“It looks like they’re firing on all cylinders,” said JMP Securities analyst Ronald Josey.
He said that Facebook’s strong mobile advertising revenue in particular has put to rest the worries that many investors had at the time of the company’s 2012 IPO.
“They clearly have the product, they have the traffic and now they have the advertising solution,” said Josey.
Facebook said the number of its monthly active users increased to 1.19 billion as of the end of September, up from 1.15 billion at the end of June. Facebook said it counts roughly 507 million daily active mobile users.
Shares of Facebook has doubled in the past three months, as Wall Street has warmed to the Internet company’s ability to thrive as consumers increasingly access the Web on smartphones and other mobile devices.
Facebook’s total revenue in the third quarter was $2.016 billion, ahead of the average analyst expectation of $1.911 billion, according to Thomson Reuters I/B/E/S.
Facebook said it earned net income of $425 million, or 17 cents a share, in the three months ended September 30, compared with a net loss of $59 million, or 2 cents a share in the year-ago period. (http://link.reuters.com/xas34v)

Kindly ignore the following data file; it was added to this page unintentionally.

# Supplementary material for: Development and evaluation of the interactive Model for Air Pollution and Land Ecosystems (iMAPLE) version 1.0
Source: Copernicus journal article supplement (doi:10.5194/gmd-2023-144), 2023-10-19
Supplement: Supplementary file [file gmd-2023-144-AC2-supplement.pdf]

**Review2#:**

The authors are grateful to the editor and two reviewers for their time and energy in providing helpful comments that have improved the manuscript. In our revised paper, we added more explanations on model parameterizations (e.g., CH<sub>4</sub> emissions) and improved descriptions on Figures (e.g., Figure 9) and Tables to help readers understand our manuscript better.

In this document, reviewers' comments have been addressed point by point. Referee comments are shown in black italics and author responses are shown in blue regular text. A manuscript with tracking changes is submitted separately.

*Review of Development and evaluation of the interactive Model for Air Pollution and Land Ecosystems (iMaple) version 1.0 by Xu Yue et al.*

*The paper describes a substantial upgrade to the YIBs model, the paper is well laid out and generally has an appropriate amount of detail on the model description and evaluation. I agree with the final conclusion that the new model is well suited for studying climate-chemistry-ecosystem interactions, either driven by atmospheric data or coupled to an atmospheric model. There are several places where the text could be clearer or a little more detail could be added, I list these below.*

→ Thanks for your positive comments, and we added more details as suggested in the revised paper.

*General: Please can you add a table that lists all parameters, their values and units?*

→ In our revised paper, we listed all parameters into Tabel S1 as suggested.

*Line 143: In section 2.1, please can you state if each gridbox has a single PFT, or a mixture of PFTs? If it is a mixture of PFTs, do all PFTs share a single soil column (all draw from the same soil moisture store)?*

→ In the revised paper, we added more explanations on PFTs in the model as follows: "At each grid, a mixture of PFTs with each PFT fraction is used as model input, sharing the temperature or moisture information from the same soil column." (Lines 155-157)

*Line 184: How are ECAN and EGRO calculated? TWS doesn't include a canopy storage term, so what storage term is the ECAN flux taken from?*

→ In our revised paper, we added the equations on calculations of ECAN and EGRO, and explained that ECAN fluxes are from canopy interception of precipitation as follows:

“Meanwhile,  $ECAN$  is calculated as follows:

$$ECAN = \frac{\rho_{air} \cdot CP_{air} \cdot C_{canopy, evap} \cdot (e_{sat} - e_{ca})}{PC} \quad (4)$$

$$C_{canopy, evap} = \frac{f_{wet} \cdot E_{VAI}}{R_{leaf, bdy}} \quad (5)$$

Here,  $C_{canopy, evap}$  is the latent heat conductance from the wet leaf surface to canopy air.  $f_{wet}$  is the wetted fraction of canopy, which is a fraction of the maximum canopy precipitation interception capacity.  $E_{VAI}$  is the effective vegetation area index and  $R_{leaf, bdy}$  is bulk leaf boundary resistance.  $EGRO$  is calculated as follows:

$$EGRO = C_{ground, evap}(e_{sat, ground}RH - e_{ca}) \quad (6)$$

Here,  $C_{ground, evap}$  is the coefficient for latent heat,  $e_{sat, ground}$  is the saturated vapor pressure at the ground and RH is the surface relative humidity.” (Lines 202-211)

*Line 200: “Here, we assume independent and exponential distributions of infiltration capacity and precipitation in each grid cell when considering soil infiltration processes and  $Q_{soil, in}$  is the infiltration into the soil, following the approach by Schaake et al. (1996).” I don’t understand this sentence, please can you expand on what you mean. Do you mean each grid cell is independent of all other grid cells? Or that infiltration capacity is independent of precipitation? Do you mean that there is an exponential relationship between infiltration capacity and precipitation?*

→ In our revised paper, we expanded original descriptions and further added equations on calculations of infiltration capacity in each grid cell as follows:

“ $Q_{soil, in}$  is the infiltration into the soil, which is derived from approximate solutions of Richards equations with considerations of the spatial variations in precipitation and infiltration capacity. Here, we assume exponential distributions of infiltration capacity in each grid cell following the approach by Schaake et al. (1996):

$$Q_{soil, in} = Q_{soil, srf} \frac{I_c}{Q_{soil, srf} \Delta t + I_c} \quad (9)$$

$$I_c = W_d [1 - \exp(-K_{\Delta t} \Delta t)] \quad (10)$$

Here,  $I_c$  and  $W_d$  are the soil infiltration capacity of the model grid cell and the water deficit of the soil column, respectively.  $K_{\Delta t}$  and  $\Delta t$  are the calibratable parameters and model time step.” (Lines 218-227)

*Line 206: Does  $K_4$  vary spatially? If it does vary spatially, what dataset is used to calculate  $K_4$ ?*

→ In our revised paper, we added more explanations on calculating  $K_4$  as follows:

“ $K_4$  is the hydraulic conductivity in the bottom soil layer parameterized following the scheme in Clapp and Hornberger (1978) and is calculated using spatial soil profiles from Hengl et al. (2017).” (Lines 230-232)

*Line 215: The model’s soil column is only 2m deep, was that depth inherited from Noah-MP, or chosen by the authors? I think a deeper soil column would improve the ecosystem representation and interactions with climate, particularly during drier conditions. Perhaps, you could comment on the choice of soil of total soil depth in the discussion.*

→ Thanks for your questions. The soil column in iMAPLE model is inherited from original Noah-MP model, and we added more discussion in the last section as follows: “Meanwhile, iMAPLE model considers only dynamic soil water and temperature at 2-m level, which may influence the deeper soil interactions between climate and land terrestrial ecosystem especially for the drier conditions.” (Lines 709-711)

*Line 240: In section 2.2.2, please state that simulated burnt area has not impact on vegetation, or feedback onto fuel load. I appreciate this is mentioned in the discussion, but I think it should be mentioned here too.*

(Reporting by Alexei Oreskovic and Gerry Shih; Editing by Bernard Orr)
- Social & Online Media
The National Security Agency is having a very bad day: two of the most ardent surveillance hawks have officially turned against the spying agency. California Senator Dianne Feinstein broke ranks and came out against the NSA spying on foreign leaders. Even worse, the author of the Patriot Act, Jim Sensenbrenner, dropped a co-authored bill to end bulk collection of Internet and telephone data.
“We’re really screwed now,” one NSA official told Foreign Policy’s The Cable. “You know things are bad when the few friends you’ve got disappear without a trace in the dead of night and leave no forwarding address.”
Feinstein had been the most public defender of the NSA’s massive surveillance practices, until German Chancellor Angela Merkel freaked out over the fact that the U.S. had maintained a secret spy hub in the embassy.